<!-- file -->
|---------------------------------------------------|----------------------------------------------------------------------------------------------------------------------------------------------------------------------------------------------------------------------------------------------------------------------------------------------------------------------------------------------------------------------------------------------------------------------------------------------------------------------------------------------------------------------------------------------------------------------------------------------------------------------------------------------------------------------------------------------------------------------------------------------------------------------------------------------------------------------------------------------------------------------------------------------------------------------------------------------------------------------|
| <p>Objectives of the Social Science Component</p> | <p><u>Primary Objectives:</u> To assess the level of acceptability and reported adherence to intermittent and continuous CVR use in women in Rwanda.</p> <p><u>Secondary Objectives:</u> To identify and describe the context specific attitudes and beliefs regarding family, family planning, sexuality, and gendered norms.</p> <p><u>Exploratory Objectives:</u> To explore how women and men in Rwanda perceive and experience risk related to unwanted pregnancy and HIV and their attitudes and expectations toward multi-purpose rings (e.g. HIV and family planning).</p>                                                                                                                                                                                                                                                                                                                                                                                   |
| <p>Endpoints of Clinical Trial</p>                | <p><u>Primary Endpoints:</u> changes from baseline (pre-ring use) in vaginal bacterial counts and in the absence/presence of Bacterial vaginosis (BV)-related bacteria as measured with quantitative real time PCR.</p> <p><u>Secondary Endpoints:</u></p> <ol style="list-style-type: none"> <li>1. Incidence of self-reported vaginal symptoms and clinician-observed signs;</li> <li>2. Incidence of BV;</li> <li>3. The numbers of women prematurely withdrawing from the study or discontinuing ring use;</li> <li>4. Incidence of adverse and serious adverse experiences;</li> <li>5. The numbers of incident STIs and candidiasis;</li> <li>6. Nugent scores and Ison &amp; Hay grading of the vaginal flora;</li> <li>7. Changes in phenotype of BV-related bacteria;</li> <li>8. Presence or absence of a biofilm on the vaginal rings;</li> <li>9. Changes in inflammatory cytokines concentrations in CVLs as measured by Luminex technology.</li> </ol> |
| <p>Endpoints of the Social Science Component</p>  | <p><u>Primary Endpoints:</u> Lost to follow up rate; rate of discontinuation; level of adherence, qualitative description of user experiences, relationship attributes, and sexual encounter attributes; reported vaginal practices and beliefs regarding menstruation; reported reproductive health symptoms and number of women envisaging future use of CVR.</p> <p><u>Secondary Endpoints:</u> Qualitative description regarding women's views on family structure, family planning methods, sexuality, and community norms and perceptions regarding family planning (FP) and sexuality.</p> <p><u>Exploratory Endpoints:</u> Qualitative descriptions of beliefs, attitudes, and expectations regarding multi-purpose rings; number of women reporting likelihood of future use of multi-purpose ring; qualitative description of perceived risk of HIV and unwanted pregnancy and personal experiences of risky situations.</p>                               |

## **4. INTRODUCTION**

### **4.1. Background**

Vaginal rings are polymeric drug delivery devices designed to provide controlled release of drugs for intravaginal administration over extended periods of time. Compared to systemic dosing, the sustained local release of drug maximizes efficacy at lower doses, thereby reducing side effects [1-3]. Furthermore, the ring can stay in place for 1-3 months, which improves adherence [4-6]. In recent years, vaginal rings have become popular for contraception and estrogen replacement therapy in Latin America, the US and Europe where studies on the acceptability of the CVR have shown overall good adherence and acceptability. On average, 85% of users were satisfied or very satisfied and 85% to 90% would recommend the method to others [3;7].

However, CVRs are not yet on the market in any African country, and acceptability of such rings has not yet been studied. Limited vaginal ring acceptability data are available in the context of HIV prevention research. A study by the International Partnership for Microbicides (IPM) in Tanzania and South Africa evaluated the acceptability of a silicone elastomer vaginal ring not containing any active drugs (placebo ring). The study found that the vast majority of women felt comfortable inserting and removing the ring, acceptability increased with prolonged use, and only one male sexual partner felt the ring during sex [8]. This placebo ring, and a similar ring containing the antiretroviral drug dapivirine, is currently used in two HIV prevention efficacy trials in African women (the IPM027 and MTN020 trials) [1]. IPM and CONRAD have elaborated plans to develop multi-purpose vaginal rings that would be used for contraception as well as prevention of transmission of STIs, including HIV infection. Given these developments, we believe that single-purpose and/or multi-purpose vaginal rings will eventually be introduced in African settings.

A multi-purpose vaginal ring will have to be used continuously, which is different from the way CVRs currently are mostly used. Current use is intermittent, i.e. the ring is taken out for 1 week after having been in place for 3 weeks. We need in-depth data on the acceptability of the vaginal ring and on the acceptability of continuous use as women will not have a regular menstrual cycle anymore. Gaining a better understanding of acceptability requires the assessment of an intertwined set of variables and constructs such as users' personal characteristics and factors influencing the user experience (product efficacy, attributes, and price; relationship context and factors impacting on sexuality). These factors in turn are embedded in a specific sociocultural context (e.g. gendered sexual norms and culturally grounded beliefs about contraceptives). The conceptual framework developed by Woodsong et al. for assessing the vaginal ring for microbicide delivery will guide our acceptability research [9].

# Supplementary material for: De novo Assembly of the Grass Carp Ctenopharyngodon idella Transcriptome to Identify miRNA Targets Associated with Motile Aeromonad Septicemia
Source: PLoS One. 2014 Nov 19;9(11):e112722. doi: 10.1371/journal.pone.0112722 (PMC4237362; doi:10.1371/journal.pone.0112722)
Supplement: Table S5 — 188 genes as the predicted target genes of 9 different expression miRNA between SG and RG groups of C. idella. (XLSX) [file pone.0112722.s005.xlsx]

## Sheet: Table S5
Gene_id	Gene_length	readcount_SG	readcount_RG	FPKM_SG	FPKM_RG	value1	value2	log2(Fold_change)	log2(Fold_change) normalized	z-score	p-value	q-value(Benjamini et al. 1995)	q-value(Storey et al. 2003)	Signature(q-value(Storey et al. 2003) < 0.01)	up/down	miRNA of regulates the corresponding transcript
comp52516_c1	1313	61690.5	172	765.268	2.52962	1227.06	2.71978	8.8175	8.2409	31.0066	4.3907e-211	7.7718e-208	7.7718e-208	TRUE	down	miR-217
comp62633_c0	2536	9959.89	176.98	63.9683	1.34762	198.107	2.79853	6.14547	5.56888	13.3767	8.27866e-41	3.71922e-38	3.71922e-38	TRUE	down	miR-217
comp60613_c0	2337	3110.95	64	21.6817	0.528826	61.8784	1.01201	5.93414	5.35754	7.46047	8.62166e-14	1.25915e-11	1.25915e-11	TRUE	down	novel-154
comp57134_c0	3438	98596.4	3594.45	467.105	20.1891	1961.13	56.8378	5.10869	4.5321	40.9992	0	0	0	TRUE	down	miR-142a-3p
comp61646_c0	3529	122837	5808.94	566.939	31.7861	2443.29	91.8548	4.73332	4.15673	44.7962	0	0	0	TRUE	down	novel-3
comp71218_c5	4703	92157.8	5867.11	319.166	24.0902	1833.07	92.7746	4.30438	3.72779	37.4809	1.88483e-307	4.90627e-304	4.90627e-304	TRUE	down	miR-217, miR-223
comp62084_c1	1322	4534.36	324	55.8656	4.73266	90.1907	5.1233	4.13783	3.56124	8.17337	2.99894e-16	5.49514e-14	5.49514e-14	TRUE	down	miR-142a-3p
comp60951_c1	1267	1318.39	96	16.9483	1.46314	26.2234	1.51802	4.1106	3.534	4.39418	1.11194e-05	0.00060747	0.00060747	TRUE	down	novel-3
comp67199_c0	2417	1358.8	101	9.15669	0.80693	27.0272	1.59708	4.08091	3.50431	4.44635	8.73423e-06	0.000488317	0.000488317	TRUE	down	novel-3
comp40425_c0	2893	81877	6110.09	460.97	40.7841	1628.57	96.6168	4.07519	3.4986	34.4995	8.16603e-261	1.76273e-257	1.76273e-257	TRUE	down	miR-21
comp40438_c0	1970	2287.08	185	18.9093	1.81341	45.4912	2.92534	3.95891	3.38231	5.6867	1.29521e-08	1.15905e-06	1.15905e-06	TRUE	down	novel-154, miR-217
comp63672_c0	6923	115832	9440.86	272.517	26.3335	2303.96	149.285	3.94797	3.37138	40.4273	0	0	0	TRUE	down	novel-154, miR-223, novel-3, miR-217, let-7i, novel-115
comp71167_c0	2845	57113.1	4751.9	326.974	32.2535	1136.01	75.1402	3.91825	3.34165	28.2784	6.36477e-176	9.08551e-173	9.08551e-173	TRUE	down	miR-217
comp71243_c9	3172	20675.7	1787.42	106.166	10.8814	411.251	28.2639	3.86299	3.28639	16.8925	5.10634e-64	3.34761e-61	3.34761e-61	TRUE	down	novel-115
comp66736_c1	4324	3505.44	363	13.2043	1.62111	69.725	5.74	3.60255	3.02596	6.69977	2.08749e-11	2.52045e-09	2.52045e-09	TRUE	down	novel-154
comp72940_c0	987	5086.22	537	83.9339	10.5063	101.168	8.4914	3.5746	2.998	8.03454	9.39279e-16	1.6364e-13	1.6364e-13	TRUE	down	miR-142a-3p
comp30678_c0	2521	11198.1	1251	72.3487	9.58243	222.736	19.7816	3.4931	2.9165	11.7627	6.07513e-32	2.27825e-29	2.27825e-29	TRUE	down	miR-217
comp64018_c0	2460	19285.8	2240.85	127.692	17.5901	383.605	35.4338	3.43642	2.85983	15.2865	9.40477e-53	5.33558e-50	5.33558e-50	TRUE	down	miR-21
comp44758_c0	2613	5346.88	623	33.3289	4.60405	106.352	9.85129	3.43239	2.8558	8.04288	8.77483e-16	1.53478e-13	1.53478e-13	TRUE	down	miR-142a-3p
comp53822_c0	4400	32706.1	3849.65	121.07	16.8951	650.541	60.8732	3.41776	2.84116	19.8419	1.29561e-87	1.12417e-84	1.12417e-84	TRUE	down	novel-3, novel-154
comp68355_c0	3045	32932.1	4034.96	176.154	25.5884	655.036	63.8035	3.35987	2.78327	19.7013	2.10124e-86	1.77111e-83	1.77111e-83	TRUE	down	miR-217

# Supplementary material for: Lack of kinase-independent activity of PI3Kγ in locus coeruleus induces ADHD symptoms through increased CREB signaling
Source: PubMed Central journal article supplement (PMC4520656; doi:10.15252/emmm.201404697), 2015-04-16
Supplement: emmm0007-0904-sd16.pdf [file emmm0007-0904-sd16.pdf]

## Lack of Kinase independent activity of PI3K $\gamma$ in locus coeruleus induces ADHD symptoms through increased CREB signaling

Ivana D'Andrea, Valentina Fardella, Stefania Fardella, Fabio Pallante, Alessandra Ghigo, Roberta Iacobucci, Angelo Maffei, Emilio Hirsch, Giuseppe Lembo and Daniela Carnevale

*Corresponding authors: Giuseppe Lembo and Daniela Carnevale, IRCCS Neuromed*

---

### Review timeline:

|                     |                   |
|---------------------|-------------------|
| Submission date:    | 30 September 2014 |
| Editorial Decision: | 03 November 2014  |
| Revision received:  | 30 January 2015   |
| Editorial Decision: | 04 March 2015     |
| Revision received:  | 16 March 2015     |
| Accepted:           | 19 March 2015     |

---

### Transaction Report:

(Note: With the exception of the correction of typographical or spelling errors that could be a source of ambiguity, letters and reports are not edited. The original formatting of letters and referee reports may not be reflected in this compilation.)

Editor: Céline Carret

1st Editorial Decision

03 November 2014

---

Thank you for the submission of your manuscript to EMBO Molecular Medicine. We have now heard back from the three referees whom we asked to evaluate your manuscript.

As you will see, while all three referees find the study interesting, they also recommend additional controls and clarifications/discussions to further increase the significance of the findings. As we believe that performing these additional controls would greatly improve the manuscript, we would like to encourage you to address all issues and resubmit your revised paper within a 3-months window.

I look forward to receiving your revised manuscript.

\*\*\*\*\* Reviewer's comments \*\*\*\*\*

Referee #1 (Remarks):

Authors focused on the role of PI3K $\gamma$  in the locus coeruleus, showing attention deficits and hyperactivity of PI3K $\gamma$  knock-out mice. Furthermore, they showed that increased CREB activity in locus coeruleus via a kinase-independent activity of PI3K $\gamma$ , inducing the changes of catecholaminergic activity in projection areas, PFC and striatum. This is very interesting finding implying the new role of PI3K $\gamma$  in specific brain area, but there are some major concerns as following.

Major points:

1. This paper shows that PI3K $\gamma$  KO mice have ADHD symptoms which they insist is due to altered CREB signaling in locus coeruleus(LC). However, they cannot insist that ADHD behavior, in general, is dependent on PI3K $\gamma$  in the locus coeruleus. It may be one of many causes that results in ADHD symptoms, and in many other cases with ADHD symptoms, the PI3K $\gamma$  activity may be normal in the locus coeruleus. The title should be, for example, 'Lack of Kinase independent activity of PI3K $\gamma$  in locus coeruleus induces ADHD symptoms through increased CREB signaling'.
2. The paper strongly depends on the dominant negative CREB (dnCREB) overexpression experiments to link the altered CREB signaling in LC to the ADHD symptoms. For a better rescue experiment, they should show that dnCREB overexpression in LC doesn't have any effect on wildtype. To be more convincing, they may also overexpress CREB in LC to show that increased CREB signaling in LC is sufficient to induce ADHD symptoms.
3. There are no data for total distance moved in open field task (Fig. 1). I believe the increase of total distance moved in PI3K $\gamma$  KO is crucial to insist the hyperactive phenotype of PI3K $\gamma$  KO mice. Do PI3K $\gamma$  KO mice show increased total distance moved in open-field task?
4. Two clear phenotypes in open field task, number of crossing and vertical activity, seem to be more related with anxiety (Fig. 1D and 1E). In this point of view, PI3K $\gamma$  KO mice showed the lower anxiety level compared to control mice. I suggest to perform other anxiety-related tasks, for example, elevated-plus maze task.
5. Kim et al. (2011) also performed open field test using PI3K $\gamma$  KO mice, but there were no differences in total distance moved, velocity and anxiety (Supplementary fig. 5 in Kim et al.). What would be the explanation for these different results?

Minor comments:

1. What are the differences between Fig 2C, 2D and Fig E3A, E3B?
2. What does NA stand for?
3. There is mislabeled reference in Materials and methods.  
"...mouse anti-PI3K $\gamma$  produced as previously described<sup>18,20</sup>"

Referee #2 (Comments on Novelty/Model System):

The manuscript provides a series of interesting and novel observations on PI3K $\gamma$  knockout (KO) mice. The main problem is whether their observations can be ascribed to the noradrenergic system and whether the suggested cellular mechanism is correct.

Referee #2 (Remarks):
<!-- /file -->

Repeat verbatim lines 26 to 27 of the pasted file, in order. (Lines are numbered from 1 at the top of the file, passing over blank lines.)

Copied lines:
comp63672_c0	6923	115832	9440.86	272.517	26.3335	2303.96	149.285	3.94797	3.37138	40.4273	0	0	0	TRUE	down	novel-154, miR-223, novel-3, miR-217, let-7i, novel-115
comp71167_c0	2845	57113.1	4751.9	326.974	32.2535	1136.01	75.1402	3.91825	3.34165	28.2784	6.36477e-176	9.08551e-173	9.08551e-173	TRUE	down	miR-217